Impact Stories 17th September, 2021

The Machhrauli Girls: Kicking Out Gender Norms.

What would you say if you saw girls playing football in a state which has historically had one of the lowest sex ratios in the country? Heartwarming, right? With role models like the Phogat sisters and Sakshi Malik, are we seeing more and more girls playing sports in Haryana? We’d say yes, based on what we’re witnessing in Machhrauli, a village in Jhajjar district of Haryana. 

Naturally, it isn’t as easy as it sounds. While the idea of girls playing sports has been gaining more and more credibility, patriarchy continues to dominate. For girls, the freedom to play sports is always at the risk of being taken back and is littered with conditions. But these ‘conditions’ aren’t set in stone; they can be confronted, negotiated with and ultimately removed. How do we know this? Through the story of the girls of Machhrauli and their journey of starting to play football. 

These girls are members of Breakthrough’s Taaron Ki Toli (TKT) programme, a gender equity curriculum for adolescents which we run in the village school. The curriculum helps young people recognise and understand gender based dicrimination and violence and also equips them with life skills to be able to fight gender discrimination and violence in their lives and around them. We’re thrilled to see how girls have used their learnings from this programme to negotiate for their rights and even their peers!

Lekha (name changed), who is currently in class 10, started playing football when she was in class 6th and joined TKT in class 7. After joining TKT and understanding gender discrimination, Lekha has begun to change a lot of things in her life. And all of it through conversations with her family and other people in the community. From convincing her parents to cut her hair short and not stop her from wearing trousers, to negotiating for early morning runs with her cousin instead of her younger brother (who was sent along to ‘protect’ her), Lekha has been slowly building up to her dream of playing football. And it doesn’t stop at Lekha – the cousin who started going for runs with her now plays football too! Lekha has played and won medals at the district level and now all those voices in the community that were against her choices are slowly turning in favour of her, with her family being the strongest voice of support.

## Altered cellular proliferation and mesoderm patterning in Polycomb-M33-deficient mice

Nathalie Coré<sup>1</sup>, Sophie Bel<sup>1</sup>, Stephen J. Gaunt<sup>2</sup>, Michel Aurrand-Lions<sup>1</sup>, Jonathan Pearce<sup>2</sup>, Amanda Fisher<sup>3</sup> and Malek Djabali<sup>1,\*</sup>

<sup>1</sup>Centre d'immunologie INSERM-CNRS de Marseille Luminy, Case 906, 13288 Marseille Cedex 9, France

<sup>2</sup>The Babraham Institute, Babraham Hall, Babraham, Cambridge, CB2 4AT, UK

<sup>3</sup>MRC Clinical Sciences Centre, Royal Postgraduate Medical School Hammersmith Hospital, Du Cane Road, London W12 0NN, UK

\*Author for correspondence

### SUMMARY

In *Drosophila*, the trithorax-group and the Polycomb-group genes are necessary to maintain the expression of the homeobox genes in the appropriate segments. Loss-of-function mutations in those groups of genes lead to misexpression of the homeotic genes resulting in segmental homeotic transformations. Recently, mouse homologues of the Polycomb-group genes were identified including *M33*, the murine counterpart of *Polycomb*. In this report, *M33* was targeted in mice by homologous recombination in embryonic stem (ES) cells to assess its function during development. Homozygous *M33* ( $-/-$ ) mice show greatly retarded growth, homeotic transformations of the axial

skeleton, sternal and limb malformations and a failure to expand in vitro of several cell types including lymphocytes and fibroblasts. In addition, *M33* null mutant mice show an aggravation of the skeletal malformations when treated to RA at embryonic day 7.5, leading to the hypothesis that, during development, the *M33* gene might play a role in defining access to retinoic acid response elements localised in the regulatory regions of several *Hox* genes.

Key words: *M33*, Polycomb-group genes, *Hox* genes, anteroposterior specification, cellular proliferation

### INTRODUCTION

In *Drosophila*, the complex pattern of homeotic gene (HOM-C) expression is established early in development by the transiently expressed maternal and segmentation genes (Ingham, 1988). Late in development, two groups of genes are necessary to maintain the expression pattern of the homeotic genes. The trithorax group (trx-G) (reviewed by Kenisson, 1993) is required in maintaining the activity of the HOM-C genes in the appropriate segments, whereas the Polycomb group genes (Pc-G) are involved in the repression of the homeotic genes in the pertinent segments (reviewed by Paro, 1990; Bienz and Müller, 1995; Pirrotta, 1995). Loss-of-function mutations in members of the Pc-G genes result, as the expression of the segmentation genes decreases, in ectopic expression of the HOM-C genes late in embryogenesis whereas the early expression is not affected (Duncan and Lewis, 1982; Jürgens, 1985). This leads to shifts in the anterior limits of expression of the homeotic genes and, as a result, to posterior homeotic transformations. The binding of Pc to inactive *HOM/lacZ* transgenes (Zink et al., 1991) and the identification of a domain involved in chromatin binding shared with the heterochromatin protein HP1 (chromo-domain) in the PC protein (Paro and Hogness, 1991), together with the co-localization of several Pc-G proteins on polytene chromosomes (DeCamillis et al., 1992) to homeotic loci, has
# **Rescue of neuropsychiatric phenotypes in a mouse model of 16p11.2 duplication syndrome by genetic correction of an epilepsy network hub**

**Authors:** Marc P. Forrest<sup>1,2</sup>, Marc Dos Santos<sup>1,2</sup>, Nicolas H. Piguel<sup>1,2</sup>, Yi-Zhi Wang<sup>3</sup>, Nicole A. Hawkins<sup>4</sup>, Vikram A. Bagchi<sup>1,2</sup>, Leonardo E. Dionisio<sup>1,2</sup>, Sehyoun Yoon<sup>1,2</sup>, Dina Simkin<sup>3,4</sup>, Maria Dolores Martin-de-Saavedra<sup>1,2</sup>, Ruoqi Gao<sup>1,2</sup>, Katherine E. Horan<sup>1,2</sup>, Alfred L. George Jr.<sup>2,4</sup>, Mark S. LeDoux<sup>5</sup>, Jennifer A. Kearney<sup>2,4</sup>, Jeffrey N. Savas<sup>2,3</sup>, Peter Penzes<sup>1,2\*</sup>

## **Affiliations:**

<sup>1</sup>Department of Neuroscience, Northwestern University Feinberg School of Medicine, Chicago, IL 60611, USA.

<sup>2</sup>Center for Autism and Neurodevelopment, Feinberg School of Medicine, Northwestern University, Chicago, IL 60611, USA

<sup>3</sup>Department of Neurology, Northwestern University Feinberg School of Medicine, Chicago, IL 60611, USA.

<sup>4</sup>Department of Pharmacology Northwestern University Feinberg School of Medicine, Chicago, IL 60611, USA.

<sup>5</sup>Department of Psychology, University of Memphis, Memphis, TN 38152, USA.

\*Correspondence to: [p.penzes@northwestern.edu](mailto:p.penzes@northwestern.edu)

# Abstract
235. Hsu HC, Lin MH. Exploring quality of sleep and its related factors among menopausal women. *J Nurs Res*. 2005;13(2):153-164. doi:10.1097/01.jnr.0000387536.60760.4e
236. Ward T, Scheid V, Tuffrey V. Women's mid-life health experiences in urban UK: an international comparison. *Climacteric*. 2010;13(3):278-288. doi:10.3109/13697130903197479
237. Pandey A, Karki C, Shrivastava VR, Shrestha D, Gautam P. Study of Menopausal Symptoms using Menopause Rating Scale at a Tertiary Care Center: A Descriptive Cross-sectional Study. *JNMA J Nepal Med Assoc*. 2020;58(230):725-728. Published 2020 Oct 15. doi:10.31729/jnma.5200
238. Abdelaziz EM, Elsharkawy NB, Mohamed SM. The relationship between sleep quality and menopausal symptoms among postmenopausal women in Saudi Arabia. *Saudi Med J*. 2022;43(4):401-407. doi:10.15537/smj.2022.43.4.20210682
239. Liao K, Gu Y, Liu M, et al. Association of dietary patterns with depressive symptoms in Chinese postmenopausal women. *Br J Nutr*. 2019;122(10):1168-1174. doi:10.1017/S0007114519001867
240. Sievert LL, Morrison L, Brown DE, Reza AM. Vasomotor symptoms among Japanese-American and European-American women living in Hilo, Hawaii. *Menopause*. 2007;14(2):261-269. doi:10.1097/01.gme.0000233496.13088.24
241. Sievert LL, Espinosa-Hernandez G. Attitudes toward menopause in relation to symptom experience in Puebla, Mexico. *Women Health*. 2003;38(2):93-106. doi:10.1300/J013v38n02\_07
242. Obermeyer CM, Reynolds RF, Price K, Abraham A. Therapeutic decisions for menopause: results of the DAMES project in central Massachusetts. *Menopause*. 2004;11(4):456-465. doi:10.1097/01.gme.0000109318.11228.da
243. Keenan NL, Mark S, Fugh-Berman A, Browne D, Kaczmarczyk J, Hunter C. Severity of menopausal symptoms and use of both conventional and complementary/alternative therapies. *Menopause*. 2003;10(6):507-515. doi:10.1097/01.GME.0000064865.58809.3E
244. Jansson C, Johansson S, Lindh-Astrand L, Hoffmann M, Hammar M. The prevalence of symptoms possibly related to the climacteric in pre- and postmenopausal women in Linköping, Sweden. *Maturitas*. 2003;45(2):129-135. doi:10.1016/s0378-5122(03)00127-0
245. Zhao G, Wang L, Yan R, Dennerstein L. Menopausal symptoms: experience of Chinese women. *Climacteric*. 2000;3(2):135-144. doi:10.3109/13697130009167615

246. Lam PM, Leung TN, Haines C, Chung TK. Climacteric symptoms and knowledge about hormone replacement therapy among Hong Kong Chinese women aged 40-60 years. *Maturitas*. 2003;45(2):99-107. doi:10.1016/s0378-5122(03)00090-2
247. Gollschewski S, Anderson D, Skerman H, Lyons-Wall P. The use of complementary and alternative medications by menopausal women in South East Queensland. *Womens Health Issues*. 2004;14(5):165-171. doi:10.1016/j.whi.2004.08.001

The girls from Machhrauli getting ready to play!

Seeing other girls like Lekha start to play football in her village, Neetika (name changed) also wanted to play. But she was scared. Her learnings from TKT helped her gather courage to go and talk to her father who was also a teacher. Her father understood and agreed. But, through her mother, her grandmother also heard and opposed the decision, asking about who would marry the girl if she started looking like a boy! Neetika was disheartened but not defeated. She spoke to her uncle, who then in turn convinced her grandmother. Because of all these small negotiations and conversations, today Neetika gets to play football! 

She also talked about how before this, girls and boys used to have to play separately. However, since the sports teacher was also a part of Taaron Ki Toli along with the students, he understood the importance of girls and boys having healthy interactions with each other. So he led the way in ensuring that the boys and girls got to play together! 

Just like Neetika and Lekha, several other girls in Machhrauli village have used what they learned from Taaron Ki Toli to talk to their families and communities, negotiate for their rights and make their dream of playing football come true. They have pushed through the noise of statements like “Who will marry her if she looks like a boy or if she gets injured?” and “What if something happens when she goes out?” And, now these girls are unstoppable. They are questioning and changing things in their lives and around them. Questions like: Why are girls given less food? Why is the birth of a girl child not celebrated? Why can’t we also wear shorts and go to the field like boys? 

Their minds are buzzing with these questions and they are challenging each of these forms of discrimination – one conversation at a time. This is what change looks like! 

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